Fifteen states set term limits on state lawmakers, according to the National Conference of State Legislatures' website. Besides Arkansas, California and Oklahoma, the other states are Arizona, Colorado, Florida, Louisiana, Maine, Michigan, Missouri, Montana, Ohio, Nebraska, Nevada and South Dakota.
Leslie Bellamy, director of elections in the Arkansas secretary of state's office, said the initial count of signatures submitted on petitions by the Arkansas Term Limits committee was 124,674. Secretary of State Mark Martin's office determined that there were 93,998 valid signatures, well above the amount needed.
To get on this year's general election ballot, sponsors of constitutional amendments are required to turn in 84,859 valid signatures of registered voters, so the committee met the requirements established by Article 5, Section 1, of the Arkansas Constitution, Bellamy said Friday in a letter to the committee chairman, Tom Steele of Little Rock.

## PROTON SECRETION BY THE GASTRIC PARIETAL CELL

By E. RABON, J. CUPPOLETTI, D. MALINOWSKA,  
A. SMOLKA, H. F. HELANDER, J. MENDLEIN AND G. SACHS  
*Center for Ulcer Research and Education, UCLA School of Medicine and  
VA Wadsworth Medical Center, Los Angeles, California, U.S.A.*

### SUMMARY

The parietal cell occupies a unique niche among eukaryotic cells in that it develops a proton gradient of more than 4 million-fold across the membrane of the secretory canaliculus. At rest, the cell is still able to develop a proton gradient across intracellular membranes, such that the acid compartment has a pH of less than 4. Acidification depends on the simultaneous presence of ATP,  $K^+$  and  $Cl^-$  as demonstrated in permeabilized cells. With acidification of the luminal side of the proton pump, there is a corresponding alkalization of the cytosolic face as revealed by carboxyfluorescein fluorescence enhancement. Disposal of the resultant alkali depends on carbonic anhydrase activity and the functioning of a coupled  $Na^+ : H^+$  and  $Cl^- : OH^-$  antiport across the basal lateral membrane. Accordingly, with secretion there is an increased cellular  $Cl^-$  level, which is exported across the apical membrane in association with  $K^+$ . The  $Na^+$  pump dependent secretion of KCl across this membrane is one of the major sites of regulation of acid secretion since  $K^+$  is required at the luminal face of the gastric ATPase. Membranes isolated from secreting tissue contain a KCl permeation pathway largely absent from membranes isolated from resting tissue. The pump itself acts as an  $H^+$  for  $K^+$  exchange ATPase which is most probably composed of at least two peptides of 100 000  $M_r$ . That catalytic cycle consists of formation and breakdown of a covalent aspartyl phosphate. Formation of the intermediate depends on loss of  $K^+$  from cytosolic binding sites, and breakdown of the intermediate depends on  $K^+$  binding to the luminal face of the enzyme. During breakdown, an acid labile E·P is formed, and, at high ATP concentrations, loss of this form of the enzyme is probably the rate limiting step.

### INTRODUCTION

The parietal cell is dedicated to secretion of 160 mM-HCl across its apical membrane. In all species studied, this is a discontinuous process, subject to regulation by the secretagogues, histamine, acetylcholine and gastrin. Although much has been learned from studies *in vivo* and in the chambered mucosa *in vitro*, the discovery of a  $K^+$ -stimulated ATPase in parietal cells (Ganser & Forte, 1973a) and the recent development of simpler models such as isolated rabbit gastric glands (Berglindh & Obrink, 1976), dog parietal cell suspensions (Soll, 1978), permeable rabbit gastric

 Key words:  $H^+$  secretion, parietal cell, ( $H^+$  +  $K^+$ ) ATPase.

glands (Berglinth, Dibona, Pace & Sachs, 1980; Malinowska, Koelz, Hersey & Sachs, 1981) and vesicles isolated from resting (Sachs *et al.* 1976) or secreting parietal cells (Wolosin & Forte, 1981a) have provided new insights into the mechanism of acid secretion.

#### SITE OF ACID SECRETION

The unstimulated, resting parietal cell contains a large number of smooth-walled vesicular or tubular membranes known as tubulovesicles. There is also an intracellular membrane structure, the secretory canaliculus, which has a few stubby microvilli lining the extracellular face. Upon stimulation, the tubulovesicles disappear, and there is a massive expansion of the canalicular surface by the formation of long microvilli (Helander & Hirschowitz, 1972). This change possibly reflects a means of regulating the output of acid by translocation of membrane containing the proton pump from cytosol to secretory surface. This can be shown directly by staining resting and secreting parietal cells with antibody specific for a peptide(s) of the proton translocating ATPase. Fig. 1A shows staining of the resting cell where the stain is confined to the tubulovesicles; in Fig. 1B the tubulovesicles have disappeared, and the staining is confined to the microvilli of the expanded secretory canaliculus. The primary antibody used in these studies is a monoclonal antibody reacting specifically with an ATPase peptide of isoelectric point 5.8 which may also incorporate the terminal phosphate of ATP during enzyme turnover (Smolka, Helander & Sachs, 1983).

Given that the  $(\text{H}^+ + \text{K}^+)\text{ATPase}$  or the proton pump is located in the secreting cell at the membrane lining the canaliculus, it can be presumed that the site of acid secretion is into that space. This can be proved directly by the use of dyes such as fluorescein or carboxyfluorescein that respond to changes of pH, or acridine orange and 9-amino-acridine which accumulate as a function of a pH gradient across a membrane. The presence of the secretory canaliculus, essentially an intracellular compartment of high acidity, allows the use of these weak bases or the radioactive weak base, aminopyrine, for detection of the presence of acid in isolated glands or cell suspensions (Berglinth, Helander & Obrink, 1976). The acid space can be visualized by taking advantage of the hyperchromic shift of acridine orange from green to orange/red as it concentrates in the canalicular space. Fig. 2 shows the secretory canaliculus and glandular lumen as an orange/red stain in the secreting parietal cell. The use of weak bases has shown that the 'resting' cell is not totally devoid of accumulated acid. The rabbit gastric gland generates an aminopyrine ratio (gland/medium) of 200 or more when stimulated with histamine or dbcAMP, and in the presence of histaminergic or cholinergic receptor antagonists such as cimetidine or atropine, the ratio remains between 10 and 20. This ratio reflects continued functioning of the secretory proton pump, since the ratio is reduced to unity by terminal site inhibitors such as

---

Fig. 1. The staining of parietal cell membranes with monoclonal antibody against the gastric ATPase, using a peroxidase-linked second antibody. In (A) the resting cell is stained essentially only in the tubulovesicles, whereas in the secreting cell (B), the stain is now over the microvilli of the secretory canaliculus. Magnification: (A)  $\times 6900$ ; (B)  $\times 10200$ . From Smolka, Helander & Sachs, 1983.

Martin intends to certify the proposed constitutional amendment to the county boards of election commissioners later this month, Bellamy said.
Steele said he felt "pure joy" upon learning that the proposal has qualified for the general election ballot because he and others have been working on that for a few years.
"We realize there may be a potential for a legal challenge," he said. "There is a lot of powerful folks who have an interest in this. They're not going to be happy seeing this on the ballot.
"We have a comfortable enough margin [of signatures] we might be OK," Steele said.